Storytelling in Game Development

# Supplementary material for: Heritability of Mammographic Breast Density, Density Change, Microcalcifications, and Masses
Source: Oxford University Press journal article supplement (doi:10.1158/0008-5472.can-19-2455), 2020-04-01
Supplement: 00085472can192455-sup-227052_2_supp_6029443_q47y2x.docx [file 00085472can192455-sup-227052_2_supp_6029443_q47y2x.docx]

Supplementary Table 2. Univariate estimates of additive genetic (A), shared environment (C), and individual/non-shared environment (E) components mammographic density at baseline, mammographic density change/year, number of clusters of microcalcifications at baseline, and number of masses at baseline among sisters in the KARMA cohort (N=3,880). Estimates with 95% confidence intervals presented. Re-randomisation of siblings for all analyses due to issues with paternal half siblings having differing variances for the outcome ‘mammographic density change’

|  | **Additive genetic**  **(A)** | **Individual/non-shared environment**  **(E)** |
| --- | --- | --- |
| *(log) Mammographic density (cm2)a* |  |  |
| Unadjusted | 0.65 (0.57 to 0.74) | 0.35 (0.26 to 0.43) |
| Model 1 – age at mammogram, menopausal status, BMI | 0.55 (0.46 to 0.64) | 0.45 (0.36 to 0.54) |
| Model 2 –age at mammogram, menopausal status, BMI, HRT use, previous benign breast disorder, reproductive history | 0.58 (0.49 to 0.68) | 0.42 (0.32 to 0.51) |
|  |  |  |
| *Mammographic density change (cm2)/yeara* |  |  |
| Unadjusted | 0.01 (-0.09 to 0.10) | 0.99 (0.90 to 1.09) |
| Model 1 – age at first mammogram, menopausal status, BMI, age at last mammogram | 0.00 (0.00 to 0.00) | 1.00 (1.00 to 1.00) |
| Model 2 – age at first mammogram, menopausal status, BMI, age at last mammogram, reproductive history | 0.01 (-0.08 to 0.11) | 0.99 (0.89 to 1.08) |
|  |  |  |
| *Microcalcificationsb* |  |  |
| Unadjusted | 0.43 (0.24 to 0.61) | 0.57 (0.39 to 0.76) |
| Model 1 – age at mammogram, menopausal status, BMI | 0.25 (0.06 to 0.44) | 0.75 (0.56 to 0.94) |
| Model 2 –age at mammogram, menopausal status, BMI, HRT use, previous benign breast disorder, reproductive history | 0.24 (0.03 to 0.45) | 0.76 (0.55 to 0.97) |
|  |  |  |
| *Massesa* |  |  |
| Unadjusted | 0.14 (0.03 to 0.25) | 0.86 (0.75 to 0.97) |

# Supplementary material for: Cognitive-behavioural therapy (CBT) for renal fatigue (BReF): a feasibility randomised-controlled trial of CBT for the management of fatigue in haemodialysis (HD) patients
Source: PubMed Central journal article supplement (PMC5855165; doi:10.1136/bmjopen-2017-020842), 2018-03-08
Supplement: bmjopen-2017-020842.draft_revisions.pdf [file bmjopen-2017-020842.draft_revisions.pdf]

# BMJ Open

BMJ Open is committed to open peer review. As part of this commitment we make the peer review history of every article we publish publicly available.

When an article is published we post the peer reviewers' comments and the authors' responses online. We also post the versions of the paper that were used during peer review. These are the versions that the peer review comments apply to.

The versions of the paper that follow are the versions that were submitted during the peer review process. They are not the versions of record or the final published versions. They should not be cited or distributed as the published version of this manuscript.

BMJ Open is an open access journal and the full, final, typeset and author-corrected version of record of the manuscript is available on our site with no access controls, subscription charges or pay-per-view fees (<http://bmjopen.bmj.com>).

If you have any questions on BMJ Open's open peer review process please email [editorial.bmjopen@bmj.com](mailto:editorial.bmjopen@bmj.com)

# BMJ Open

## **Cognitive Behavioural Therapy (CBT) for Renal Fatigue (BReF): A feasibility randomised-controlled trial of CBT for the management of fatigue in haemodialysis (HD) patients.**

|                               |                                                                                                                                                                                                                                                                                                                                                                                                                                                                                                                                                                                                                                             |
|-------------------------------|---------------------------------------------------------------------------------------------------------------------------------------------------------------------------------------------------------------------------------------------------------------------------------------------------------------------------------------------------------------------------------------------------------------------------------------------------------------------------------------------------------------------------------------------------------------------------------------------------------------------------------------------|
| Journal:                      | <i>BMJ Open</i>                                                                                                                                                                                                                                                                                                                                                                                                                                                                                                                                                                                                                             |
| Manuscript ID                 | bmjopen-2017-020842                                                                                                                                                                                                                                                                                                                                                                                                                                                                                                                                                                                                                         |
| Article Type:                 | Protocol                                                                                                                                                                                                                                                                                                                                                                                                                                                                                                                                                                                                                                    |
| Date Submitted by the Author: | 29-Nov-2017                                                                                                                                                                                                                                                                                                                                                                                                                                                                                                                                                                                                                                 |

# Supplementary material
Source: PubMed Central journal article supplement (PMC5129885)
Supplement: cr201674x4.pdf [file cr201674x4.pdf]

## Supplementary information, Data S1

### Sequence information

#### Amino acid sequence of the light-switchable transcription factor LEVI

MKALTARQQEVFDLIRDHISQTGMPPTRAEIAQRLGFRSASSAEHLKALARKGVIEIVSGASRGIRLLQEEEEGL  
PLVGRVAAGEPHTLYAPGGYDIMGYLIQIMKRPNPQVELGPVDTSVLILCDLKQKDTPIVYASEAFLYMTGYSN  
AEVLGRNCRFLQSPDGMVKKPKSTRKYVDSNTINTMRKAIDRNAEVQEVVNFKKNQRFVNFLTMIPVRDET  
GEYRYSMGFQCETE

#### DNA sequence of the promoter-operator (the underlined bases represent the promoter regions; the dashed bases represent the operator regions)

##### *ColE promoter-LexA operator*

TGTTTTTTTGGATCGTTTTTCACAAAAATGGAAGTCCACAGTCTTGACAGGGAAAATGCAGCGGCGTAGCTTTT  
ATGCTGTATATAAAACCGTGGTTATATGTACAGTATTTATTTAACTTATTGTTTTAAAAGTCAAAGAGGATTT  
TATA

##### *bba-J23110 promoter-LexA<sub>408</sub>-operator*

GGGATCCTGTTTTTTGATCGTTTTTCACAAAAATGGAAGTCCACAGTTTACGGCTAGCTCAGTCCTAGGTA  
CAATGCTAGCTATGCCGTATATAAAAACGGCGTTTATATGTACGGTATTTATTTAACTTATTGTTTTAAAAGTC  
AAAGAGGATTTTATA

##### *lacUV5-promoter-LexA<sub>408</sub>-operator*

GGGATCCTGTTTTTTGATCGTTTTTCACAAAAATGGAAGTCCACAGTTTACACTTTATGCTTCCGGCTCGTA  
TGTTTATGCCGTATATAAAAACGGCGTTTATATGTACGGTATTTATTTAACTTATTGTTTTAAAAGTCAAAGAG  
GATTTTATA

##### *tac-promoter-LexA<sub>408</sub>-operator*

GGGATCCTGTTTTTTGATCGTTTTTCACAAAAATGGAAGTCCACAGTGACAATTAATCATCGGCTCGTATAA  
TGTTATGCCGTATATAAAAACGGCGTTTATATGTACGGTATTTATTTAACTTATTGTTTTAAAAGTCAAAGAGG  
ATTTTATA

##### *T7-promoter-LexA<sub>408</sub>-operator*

It’s a scenario many of us who live in or have visited Africa have experienced: being stopped by a traffic officer and asked for a bribe. Now, imagine playing a game on your mobile phone; instead of cruising through the streets of New York, you find yourself on an African street having to navigate that same familiar scenario to advance to the next level. Africa has many unique stories to tell. With the GSM Association predicting that 80 per cent of Sub-Saharan Africa will have access to mobile phones in the next five years, these stories are coming to life in the form of mobile gaming. As a result, the African mobile gaming industry is taking off and is a new, exciting space for investors to get involved. Telling uniquely African stories For any interesting game, the most important element is the storytelling. Through the story you can capture the player’s imagination and engage with them. So it makes sense to find the stories that are unique to the continent and to which African citizens can relate. And this goes further than the storyline itself, to encompass all the “arts” elements of a mobile game. An African game has its own style, from the graphics used, to the sound and music. It’s no surprise that this particular ‘African’ style goes hand in hand with increased uptake of home-grown mobile games across Africa. But what about making the leap across the ocean to reach global gamers? Crossing mobile gaming borders In the same way that Japanese video game company Nintendo has become the world’s largest video game company by revenue, there is no geographical limit to high-quality games. We’ve also seen how Nollywood movies have attracted an audience beyond Nigeria’s borders, despite their uniquely Nigerian storytelling. So, when it comes to creating games for a universal audience, you need to tell stories that are African, but are still relatable to a wider audience. Multiple platforms a useful step across the ocean With that essential foundation, it’s equally important to think about developing games across platforms to increase market and reach. If you confine yourself to one platform, you lose the audience using other platforms. This is a particularly important consideration given that different markets may favour alternative mobile platforms. By making your game available across the board, more people are likely to play it, thus increasing your revenue potential. The good news is that with modern technology, it’s easy to develop a game on one platform and port it across to other platforms. Gaining traction for your games The greater challenge is to develop games that people want to play, and market them effectively. The majority of users enjoy “casual” games like Candy Crush that are simple to play on their mobile phones, while a smaller segment of more serious gamers enjoy more complex games. When it comes to marketing, while digital marketing tools like Facebook and admob advertising are useful, they can be expensive for new developers. An effective alternative is to get your game featured on the mobile platform you’re operating on. Each platform has certain criteria in place to maintain the quality of apps featured, which means that when your game is featured users are likely to take notice. African gaming ripe for the picking With everything from compelling storylines and fun gameplays, to having universal platforms on which to develop and using these platforms to market across borders, the potential of African mobile gaming is enormous. The African mobile gaming market is also huge, and yet it hasn’t reached saturation point; it’s ripe for the investment picking. Simultaneously, the continent has made great leaps when it comes to connectivity through the telecoms. As a result, most African citizens now have some form of currency on their phones, which can be use to monetise mobile games and apps. This means mobile money cracks the monetisation puzzle within the gaming market. Not only does that make African mobile gaming an attractive area for local and international investors, but it is also a model that can be extended to solving payment issues on other forms of apps. Ready to take on the world There is no question that African mobile games can compete with their international counterparts, and by all accounts already are. What is key to maintain and develop this competitive edge is to be dedicated to creating high quality content that is relevant and compelling. By setting up this foundation now, the African gaming community both encourages future generations of local gamers, and contributes to the growth of the industry as a whole.